Kickstarter is touting an academic report finding that the crowdfunding site has produced a significant economic impact for creative projects launched on its site — to the tune of $5.3 billion to date.
Overall, Kickstarter projects have generated 29,600 full-time jobs and employed 283,000 part-time collaborators, and have led to the creation of 8,800 new companies and nonprofit organizations.
Kickstarter’s claims are based on research conducted by Prof. Ethan Mollick of the U. of Pennsylvania’s Wharton School, published earlier this month. While the company provided data for the study, it said it had no influence over his analysis; funding for the project was provided in part by the Kauffman Foundation. Kickstarter used Mollick’s findings from a sample of 61,654 projects launched before June 2015 and extrapolated them to include the last 12 months of projects.
One caveat: The study only looked at successfully funded Kickstarter projects, excluding those that failed to reach their goals.
Of the Kickstarter projects Mollick analyzed, he found that every dollar raised resulted in a mean of $2.46 in additional revenue outside of Kickstarter — although amounts were lower for films, and much higher in categories including food and product design. The study also found that 37% of filmmakers, photographers, artists, designers, musicians and other creators said their Kickstarter projects helped them advance their careers, with 21% saying they received an increase in annual earnings after running a successful project.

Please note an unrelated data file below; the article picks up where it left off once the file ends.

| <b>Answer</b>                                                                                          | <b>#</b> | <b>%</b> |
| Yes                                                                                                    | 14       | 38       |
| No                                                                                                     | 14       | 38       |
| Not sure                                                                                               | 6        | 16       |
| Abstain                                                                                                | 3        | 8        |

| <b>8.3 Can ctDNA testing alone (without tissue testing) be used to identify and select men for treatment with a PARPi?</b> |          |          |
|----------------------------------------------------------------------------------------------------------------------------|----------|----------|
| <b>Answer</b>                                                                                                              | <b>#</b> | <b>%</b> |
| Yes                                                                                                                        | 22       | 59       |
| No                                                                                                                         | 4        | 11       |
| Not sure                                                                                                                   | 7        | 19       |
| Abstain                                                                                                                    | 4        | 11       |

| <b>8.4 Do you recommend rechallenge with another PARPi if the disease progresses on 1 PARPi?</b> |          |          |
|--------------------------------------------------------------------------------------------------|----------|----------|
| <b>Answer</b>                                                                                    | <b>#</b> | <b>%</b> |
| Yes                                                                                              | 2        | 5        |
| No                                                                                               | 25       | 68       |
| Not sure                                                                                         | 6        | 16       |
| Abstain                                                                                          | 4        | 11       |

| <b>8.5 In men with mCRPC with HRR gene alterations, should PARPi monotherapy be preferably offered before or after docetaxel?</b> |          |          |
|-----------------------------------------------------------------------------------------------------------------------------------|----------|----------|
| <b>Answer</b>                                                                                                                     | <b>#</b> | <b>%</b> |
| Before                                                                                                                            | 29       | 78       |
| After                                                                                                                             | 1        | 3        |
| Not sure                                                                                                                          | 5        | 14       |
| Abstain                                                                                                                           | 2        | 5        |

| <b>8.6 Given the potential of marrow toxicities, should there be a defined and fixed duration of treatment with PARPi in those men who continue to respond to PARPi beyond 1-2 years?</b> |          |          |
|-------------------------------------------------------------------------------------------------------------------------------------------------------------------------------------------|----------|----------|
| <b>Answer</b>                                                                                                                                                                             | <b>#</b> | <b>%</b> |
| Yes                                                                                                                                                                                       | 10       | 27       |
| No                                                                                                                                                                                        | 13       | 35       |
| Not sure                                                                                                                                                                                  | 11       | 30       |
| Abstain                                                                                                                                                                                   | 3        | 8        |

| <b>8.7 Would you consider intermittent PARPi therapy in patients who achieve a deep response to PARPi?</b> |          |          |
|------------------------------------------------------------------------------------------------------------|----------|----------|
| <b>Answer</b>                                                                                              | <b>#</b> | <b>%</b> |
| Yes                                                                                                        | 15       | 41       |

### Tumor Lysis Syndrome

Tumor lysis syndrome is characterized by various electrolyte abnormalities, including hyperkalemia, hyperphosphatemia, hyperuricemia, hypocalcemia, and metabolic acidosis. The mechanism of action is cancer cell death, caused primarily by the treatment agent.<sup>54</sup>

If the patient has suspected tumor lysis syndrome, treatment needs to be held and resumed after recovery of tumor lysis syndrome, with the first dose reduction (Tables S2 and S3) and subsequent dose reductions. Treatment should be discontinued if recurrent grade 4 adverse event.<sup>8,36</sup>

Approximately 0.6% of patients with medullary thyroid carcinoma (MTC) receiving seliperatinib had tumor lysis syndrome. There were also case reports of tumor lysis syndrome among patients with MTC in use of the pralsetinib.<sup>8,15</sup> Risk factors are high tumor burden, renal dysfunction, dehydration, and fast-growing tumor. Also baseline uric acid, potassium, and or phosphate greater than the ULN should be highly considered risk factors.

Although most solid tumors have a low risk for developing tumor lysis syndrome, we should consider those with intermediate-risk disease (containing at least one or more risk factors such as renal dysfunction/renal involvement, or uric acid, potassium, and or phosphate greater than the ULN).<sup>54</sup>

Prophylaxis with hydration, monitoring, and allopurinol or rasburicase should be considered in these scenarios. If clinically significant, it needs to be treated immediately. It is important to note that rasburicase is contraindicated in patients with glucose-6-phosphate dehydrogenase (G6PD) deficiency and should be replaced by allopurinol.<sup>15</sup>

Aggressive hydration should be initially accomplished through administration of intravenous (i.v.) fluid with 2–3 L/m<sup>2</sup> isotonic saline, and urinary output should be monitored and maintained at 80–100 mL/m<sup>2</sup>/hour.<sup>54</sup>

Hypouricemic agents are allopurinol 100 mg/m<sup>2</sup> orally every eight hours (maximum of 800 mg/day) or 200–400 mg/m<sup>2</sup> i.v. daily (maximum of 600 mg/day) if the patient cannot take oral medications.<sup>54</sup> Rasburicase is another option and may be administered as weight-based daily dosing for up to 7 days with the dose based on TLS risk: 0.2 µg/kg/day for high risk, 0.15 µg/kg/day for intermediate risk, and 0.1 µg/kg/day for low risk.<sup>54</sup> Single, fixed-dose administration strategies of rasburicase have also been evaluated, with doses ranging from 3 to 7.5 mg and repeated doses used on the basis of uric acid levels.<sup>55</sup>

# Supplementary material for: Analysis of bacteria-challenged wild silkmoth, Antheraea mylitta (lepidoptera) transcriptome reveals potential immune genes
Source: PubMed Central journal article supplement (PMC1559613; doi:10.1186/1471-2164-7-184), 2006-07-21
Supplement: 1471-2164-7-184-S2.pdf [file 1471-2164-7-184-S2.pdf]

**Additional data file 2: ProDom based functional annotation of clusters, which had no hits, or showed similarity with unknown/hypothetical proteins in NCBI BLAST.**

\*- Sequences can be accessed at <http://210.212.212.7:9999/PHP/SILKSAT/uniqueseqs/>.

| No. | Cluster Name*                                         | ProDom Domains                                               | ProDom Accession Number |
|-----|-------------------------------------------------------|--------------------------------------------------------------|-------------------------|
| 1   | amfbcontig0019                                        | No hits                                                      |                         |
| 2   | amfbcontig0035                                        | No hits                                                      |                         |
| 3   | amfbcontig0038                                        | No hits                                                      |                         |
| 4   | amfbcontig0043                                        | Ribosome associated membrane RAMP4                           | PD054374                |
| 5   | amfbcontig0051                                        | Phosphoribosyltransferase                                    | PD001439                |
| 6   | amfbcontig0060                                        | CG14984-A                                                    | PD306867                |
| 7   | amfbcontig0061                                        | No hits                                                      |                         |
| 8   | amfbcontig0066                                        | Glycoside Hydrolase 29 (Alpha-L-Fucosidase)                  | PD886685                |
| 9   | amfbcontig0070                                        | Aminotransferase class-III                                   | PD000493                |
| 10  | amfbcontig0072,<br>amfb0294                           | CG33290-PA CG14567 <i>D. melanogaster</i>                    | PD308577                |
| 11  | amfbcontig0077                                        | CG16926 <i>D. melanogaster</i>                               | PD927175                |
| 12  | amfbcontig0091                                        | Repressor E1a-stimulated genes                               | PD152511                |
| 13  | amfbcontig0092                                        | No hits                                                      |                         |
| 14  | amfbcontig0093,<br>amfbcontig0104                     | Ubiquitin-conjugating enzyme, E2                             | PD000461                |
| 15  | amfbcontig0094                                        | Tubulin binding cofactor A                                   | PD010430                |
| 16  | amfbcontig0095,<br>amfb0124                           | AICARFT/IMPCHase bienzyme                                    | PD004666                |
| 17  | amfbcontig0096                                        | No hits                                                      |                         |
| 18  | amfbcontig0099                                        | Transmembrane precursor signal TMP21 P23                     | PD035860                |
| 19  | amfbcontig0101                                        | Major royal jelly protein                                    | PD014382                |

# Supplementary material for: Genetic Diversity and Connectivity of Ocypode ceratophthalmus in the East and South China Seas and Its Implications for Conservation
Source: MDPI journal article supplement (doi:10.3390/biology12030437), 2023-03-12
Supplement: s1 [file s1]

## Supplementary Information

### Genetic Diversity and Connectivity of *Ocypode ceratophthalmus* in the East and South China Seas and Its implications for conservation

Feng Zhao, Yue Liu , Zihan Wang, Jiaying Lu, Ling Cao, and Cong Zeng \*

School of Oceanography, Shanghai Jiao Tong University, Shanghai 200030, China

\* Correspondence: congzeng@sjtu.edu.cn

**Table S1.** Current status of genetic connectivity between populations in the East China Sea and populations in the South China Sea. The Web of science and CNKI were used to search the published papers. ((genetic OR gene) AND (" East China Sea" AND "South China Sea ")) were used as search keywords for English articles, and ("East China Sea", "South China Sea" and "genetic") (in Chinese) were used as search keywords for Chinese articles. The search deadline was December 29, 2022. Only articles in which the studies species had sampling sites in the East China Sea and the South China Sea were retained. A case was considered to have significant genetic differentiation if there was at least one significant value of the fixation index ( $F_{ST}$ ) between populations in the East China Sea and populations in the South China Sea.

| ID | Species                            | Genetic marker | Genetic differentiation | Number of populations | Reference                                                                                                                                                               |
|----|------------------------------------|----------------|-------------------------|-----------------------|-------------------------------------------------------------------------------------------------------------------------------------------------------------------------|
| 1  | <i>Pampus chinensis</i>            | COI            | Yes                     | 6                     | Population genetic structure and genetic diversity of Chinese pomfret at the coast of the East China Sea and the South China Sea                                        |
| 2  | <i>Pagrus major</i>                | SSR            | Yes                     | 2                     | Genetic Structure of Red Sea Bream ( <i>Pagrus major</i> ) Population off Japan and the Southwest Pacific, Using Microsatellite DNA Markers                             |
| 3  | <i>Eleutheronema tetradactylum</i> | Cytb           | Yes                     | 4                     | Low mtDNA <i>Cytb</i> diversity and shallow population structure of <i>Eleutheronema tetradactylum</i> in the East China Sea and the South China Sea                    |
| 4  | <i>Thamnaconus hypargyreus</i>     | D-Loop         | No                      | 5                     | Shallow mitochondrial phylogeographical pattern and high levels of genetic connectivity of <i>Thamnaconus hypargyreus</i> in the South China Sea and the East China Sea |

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“This research illustrates how the Kickstarter community has strengthened the economic picture for creators while serving as a valuable engine for cultural production,” Kickstarter co-founder and CEO Yancey Strickler wrote in a blog post.
Kickstarter takes a 5% cut of funds collected for projects that achieve their funding goal. In addition, a payment-processing fee of 3%-5% is applied to those projects.
Entertainment projects funded on Kickstarter include Rob Thomas’s “Veronica Mars” movie, which garnered $5.7 million from fans; Spike Lee’s “Da Sweet Blood of Jesus,” which raised $1.4 million from 6,400 backers; Alex Winter’s documentary on Frank Zappa, which has pulled in $1.1 million; “For the Love of Spock,” a documentary about Leonard Nimoy by his son Adam Nimoy, which topped its $600,000 fundraising goal; and Deaf West Theater’s production of a song from “Spring Awakening” for this year’s Tony Awards, which raised $211,634.
Strickler also called out the study’s finding that Kickstarter has enabled creators to pay collaborators — like editors, illustrators, backing musicians and crew — whom they wouldn’t have been able to otherwise compensate.
Of the 8,800 new companies and nonprofits have gotten their start through Kickstarter, 82% continue to operate today. Firms that got their start on the platform include Palmer Luckey’s Oculus VR, acquired by Facebook for $2 billion; podcast network Radiotopia; Debbie Sterling’s games and entertainment startup GoldieBlox; and Eric Migicovsky’s smartwatch company Pebble.
Kickstarter, which was founded in 2009, is based in Brooklyn. Investors in the company include Abundance Partners, Betaworks, Chris Dixon, Chris Sacca, Dan Rosensweig and Twitter and Square CEO Jack Dorsey. Competitors include Indiegogo and GoFundMe.